It was important for this individual to learn how to build his courage, to be able to exaggerate, and to go almost too far with his musical gestures, in order to balance out his natural tendency to retreat into a shell on-stage. Getting the student to be more adventurous in the rest of his life was also tremendously helpful, as the bigger his comfort zone became (by trying new foods, going to new places, and meeting new people, for instance), his confidence and courage to try new things musically expanded as well.

How Does This Relate To My Performing?

Just as it helps to understand the mechanics of sound production for your instrument so you can produce the exact sounds you want on demand, I feel it is important for musicians to understand what performance anxiety is, and how they respond to pressure, so they can begin to develop an effective and personalized “toolbox” of skills and strategies that will allow them to handle even the most stressful of situations.

For instance, what can you do to better handle the physical effects of anxiety? Plenty! Learn how to relax your key muscles under pressure, figure out the most reliable fingerings that are most likely to remain consistent even when you are nervous, get used to playing even with cold hands, and get better at playing well even under adverse conditions.

To combat the mental effects, you can learn how to build your confidence, increase your ability to focus and concentrate on demand, be able to quiet your mind, and see/hear yourself playing perfectly instead of seeing all of your fears play out in your mind.

Overcome the emotional effects by learning how to go for it in spite of the fear and by embracing adrenaline instead of fearing it.

A Three-Pronged Strategy

Given that performance anxiety will affect you physically, mentally, and emotionally, utilizing a comprehensive three-pronged attack will allow you to be better prepared for the full range of effects that you will experience under pressure.

Many make the mistake of putting too much emphasis on trying not to be nervous. Focus instead on developing a more effective response to the inevitable nerves. Spend more time practicing performing, rather than practicing practicing. What do I mean?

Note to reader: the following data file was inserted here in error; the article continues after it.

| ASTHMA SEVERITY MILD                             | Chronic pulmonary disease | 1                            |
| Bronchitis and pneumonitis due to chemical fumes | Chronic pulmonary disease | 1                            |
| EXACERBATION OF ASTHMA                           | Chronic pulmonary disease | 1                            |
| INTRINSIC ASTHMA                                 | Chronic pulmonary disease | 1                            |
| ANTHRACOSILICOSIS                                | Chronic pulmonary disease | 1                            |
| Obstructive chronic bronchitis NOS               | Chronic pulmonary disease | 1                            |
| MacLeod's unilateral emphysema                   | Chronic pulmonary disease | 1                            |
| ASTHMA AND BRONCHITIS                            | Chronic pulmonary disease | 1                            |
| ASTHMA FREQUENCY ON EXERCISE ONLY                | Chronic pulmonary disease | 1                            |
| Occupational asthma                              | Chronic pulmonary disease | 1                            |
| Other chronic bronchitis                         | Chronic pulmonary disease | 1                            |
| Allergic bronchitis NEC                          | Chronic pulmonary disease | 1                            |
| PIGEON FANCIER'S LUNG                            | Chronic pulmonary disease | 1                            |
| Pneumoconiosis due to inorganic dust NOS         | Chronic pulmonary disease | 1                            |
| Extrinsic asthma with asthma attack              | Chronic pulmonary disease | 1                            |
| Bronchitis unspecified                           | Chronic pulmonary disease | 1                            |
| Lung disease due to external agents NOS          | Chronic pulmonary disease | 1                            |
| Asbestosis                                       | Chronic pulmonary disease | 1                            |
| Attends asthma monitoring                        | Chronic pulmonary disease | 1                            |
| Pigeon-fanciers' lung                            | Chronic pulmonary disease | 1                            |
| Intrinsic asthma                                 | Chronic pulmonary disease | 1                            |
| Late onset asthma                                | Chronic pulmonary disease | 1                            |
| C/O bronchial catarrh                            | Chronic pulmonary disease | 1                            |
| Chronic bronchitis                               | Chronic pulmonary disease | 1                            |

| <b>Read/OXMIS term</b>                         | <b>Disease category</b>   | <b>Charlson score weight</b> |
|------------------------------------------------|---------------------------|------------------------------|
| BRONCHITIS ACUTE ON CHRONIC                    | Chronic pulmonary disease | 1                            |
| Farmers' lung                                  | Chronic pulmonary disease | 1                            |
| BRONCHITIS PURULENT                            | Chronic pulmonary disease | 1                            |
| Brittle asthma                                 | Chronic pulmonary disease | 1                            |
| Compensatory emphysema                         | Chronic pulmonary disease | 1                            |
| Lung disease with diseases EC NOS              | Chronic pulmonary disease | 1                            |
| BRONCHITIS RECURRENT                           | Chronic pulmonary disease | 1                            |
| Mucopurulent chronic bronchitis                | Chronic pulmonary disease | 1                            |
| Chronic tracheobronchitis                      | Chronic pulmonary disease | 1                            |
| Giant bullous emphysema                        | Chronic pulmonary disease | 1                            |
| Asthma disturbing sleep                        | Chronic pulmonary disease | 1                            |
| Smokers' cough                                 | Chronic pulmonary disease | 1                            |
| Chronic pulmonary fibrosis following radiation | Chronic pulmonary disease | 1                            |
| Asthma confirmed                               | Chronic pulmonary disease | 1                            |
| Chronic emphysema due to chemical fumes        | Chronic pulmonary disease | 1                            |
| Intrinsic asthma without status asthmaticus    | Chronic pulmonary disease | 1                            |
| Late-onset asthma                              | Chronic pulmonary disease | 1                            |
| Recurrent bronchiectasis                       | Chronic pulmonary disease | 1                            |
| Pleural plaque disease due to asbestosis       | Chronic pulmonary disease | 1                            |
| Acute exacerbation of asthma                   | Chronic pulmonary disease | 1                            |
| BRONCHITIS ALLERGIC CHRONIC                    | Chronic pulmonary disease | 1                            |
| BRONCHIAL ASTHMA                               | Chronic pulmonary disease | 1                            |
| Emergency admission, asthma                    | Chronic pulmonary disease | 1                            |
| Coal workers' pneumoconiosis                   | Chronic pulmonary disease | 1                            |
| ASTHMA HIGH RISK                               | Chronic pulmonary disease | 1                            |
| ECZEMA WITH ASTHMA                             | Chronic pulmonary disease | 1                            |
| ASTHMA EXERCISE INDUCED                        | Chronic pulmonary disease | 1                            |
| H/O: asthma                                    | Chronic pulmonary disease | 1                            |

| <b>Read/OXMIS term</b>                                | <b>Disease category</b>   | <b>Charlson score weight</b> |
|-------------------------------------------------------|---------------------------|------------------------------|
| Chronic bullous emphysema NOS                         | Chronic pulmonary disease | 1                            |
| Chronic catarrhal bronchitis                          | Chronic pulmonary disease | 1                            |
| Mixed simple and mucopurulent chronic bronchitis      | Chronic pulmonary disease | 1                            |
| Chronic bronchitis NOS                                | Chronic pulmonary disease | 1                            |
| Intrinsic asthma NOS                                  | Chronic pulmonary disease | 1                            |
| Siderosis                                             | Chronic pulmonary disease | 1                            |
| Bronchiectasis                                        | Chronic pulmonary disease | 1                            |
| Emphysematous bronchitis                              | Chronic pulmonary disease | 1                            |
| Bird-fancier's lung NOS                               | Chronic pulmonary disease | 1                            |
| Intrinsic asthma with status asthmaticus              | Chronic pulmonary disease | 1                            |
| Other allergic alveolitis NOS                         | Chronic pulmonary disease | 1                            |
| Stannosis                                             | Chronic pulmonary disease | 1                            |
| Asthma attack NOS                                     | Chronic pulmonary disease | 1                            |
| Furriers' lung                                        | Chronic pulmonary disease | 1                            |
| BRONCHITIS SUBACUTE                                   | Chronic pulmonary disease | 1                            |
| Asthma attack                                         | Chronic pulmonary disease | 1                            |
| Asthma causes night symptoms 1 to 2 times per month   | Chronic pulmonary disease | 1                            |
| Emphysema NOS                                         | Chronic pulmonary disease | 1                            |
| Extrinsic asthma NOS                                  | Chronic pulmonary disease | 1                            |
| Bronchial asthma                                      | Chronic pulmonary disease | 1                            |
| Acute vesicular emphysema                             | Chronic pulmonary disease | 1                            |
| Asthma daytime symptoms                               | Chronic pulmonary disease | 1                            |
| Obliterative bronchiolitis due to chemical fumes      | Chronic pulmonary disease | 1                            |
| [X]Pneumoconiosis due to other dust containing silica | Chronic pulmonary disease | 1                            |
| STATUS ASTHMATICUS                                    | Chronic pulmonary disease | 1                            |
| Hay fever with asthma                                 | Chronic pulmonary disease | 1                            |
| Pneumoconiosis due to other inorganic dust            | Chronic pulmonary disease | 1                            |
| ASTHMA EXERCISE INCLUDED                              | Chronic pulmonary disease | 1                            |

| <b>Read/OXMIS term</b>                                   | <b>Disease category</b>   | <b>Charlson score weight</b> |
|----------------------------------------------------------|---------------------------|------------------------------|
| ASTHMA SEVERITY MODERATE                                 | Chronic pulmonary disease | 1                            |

Go for a quick run around the block. With your heart pumping, and slightly out of breath, can you still nail the opening? Turn the TV or radio on in the background — can you still focus on your piece? Get dressed up and turn on a video recorder (so you can post your performance on YouTube). Allowing yourself only one shot at this – can you play everything perfectly the very first time?

Which muscles get tight under pressure? What happens to your pitch or intonation — do you tend to go flat or sharp? What happens to your sense of timing — do you rush or drag? Where do you tend to have memory slips?

“Know Thy Enemy” — good advice, no?

About Noa Kageyama, Ph.D.

Performance psychologist and Juilliard alumnus & faculty member Noa Kageyama teaches musicians how to beat performance anxiety and play their best under pressure through live classes, coachings, and an online home-study course. Based in NYC, he is married to a terrific pianist, has two hilarious kids, and is a wee bit obsessed with technology and all things Apple.

After Countless Hours of Practice, Why Are Performances Still so Hit or Miss?

It’s not a talent issue. And that rush of adrenaline and emotional roller coaster you experience before performances is totally normal too.

Performing at the upper ranges of your ability under pressure is a unique skill – one that requires specific mental skills and a few tweaks in your approach to practicing. Elite athletes have been learning these techniques for decades; if nerves and self-doubt have been recurring obstacles in your performances, I’d like to help you do the same.

Click below to discover the 7 skills that are characteristic of top performers. Learn how you can develop these into strengths of your own. And begin to see tangible improvements in your playing that transfer to the stage.